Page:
Just as the Met Office announced that 2022 will be the country’s warmest year on record, the National Trust released a report saying that this year’s abnormal weather conditions have severely affected UK wildlife, including toads, bats, butterflies, and birds.

Extreme weather conditions in 2022 were devastating for UK wildlife, according to the National Trust. The conservation charity’s annual audit on how the changes in the climate affect wildlife found that this year’s temperature extremes and low rainfall have created significant challenges for the country’s animal and plant species.

“Drought, high temperatures, back-to-back storms, unseasonal heat, a cold snap, and floods means nature, like us, is having to cope with a new litany of weather extremes.” the charity’s climate crisis adviser, Keith Jones, told The Guardian.

This summer, the government declared the first-ever national emergency red heat alert as an unprecedented heatwave brought exceptionally high temperatures, with the mercury climbing above 40C in London and other parts of southeast England. 

Dried-up rivers and streams have affected populations such as those of natterjack toads in England’s northwest. Water scarcity and a devastating drought – the first England experienced since 2018 – have also fuelled wildfires, damaging crops and natural habitats and compromising trees’ survival.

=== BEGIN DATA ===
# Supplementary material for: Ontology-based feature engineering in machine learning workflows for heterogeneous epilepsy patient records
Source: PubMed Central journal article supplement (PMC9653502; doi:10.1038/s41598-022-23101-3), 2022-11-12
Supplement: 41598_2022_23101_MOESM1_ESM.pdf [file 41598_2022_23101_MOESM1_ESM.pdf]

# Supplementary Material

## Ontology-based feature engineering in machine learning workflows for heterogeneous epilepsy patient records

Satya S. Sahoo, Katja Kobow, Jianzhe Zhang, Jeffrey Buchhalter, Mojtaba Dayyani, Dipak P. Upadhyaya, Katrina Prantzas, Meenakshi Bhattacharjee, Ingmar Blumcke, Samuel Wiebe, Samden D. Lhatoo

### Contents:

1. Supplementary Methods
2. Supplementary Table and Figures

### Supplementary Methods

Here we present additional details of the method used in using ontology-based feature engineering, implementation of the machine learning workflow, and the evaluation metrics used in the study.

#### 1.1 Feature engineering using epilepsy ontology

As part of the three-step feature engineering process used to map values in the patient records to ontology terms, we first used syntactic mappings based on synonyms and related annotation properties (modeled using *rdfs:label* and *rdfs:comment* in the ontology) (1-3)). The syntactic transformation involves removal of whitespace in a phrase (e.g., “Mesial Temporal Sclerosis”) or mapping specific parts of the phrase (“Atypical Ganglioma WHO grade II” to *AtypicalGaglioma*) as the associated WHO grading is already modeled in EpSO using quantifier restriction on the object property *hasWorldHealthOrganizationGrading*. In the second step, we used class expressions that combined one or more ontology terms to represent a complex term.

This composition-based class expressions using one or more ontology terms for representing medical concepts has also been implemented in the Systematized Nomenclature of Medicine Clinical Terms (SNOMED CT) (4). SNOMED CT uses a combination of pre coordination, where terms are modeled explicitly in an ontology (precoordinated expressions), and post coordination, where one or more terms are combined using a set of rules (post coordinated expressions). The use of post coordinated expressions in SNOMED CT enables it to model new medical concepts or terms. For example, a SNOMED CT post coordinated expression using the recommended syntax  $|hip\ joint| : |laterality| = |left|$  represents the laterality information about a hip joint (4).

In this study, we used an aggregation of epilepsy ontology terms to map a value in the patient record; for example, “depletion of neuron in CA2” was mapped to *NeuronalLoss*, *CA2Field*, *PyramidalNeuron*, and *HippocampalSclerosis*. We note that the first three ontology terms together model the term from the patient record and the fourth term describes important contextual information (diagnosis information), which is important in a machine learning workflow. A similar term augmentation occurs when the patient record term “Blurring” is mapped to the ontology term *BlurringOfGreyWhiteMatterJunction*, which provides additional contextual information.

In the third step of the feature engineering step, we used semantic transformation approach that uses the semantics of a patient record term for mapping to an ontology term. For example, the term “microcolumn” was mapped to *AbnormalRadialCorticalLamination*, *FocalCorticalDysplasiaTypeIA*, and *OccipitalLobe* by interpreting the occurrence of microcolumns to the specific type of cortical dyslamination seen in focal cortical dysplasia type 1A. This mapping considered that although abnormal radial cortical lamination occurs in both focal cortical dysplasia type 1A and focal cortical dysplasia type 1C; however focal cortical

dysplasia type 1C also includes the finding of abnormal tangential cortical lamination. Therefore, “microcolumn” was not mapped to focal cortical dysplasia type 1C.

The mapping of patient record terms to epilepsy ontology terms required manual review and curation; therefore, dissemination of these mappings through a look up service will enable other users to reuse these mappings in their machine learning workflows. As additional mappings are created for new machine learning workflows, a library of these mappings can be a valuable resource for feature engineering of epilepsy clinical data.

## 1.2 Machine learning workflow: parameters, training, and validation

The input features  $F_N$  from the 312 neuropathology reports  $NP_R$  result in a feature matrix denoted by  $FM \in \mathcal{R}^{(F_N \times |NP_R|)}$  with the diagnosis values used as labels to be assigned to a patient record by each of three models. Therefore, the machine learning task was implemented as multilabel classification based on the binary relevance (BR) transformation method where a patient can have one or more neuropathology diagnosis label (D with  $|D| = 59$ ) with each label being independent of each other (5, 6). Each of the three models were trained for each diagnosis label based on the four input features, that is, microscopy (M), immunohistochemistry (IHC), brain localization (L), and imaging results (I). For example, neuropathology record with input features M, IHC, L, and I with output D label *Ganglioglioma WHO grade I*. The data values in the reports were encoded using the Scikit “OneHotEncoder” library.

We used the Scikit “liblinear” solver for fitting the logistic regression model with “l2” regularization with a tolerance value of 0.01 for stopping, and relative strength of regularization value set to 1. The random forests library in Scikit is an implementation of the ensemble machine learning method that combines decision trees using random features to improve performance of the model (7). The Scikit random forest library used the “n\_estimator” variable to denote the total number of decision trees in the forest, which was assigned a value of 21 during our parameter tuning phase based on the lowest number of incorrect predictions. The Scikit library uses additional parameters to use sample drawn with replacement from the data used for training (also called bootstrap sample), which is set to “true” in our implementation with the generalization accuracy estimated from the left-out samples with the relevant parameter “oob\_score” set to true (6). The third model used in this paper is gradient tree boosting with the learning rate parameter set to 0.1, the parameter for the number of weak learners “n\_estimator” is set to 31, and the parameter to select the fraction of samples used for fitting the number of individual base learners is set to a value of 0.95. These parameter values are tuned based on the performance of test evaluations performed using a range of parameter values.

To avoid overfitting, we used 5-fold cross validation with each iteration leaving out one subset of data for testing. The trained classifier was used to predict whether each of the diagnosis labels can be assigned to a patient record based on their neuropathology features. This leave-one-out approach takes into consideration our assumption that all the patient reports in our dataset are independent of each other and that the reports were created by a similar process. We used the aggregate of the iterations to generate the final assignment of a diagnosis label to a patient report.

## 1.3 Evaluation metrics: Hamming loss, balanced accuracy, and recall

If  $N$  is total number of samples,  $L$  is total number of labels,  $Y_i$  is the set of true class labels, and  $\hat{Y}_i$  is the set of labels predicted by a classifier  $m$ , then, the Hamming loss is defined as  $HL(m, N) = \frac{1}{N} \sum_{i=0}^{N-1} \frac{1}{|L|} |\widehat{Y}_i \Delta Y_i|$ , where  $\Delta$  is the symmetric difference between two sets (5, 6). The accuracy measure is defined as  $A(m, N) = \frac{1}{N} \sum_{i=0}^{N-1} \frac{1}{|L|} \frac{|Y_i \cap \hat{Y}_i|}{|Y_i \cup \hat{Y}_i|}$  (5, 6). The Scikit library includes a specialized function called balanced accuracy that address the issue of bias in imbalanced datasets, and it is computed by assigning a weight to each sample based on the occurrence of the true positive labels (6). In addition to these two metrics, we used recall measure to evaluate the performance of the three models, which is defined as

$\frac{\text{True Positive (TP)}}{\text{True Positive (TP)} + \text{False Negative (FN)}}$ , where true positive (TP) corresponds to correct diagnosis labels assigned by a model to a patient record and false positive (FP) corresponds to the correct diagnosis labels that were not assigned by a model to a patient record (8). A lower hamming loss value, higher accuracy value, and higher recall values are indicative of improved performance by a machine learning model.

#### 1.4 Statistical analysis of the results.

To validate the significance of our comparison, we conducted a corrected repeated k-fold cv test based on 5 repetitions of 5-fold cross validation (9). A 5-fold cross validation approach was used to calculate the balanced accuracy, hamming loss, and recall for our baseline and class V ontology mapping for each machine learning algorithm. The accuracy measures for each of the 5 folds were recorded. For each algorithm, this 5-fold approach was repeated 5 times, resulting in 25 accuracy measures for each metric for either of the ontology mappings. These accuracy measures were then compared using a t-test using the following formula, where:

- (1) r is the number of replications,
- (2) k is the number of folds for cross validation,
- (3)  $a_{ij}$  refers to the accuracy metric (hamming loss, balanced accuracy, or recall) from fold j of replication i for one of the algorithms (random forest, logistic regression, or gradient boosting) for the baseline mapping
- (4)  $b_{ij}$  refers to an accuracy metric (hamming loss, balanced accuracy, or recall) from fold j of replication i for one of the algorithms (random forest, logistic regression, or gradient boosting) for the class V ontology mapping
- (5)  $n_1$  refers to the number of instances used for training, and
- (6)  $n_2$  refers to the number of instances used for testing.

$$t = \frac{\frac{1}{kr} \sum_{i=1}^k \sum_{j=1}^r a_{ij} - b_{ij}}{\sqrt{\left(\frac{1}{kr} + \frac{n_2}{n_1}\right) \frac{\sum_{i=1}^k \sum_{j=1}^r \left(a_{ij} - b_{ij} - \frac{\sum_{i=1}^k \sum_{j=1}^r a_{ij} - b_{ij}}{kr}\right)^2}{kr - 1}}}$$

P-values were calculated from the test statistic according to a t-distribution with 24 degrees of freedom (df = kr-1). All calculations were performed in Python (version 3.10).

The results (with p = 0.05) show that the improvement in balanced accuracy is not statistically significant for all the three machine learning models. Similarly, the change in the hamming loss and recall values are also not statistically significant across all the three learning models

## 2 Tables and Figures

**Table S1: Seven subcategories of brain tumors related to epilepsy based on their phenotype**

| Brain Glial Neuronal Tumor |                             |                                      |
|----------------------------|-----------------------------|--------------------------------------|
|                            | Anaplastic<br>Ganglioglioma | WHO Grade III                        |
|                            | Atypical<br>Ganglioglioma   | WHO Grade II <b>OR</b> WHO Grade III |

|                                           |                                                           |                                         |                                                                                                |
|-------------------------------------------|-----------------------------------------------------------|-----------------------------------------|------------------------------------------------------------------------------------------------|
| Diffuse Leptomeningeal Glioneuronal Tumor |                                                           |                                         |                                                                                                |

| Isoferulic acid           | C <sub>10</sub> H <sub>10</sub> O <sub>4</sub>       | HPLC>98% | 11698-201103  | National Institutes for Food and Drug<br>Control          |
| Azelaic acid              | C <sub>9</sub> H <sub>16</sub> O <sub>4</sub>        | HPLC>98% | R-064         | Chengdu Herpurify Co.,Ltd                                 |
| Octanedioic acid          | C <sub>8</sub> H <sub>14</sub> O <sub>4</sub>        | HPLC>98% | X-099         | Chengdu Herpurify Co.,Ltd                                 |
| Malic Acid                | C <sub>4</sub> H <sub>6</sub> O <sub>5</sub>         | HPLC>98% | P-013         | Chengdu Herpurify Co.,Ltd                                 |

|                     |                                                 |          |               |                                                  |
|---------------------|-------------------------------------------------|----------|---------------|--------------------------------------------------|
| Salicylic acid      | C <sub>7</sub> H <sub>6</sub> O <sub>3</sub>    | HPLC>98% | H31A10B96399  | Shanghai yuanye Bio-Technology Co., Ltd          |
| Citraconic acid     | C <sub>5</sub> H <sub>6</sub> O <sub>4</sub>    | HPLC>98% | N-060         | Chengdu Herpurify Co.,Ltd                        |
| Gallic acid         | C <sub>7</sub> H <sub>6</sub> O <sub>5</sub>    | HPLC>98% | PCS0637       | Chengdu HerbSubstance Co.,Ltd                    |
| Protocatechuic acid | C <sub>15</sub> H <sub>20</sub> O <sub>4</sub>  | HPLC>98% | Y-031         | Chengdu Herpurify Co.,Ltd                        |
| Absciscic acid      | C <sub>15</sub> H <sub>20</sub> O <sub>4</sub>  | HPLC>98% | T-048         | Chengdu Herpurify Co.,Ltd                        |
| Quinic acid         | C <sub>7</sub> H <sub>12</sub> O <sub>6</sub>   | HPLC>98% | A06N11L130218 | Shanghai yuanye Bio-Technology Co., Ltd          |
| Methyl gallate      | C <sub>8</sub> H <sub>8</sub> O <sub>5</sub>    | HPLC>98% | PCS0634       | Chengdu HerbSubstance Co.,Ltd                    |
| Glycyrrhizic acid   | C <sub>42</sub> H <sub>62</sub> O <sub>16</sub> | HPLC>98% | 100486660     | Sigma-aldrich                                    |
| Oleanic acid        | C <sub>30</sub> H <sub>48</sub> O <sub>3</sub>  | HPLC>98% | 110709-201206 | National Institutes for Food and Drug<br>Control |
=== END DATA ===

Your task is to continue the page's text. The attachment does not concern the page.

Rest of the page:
Many trees at the Wimpole Estate in Cambridgeshire and the Buscot and Coleshill Estate in Oxfordshire were too young to establish themselves to deal with the conditions,” the audit reads.

Several animal species, including bats, struggled to cope with the heat. Particularly impacted were the pipistrelle bats at Crom in Northern Ireland, whose numbers were down by about 300 on the 732 recorded last year, according to the charity. The shorter flowering season has also affected insects, birds such as redwings, bumblebees, and butterflies, who rely on flowers and pollen for survival. 

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Besides climate change, avian flu killed an estimated 6,000 seabirds this year, especially on the Farne Islands off the coast of Northumberland. 

Fortunately, there were some winners. The frost-free spring favoured a decent apple harvest and an excellent one for some nuts and berries. Conservation efforts have also proven successful for species such as the red-billed chough, Cornwall’s emblem, which saw its population increase to about 200 birds.

The audit came as the Met Office, Britain’s national weather service, released a report saying 2022 will be the warmest year on record for the UK after a summer marked by abnormally high temperatures. The Office added that all four seasons in 2022 were in the top ten warmest since records began in 1884. 

Stephen Belcher, Met Office’s Chief of Science and Technology, warned that “if we continue under a high emission scenario, we could see temperatures like this every three years”.

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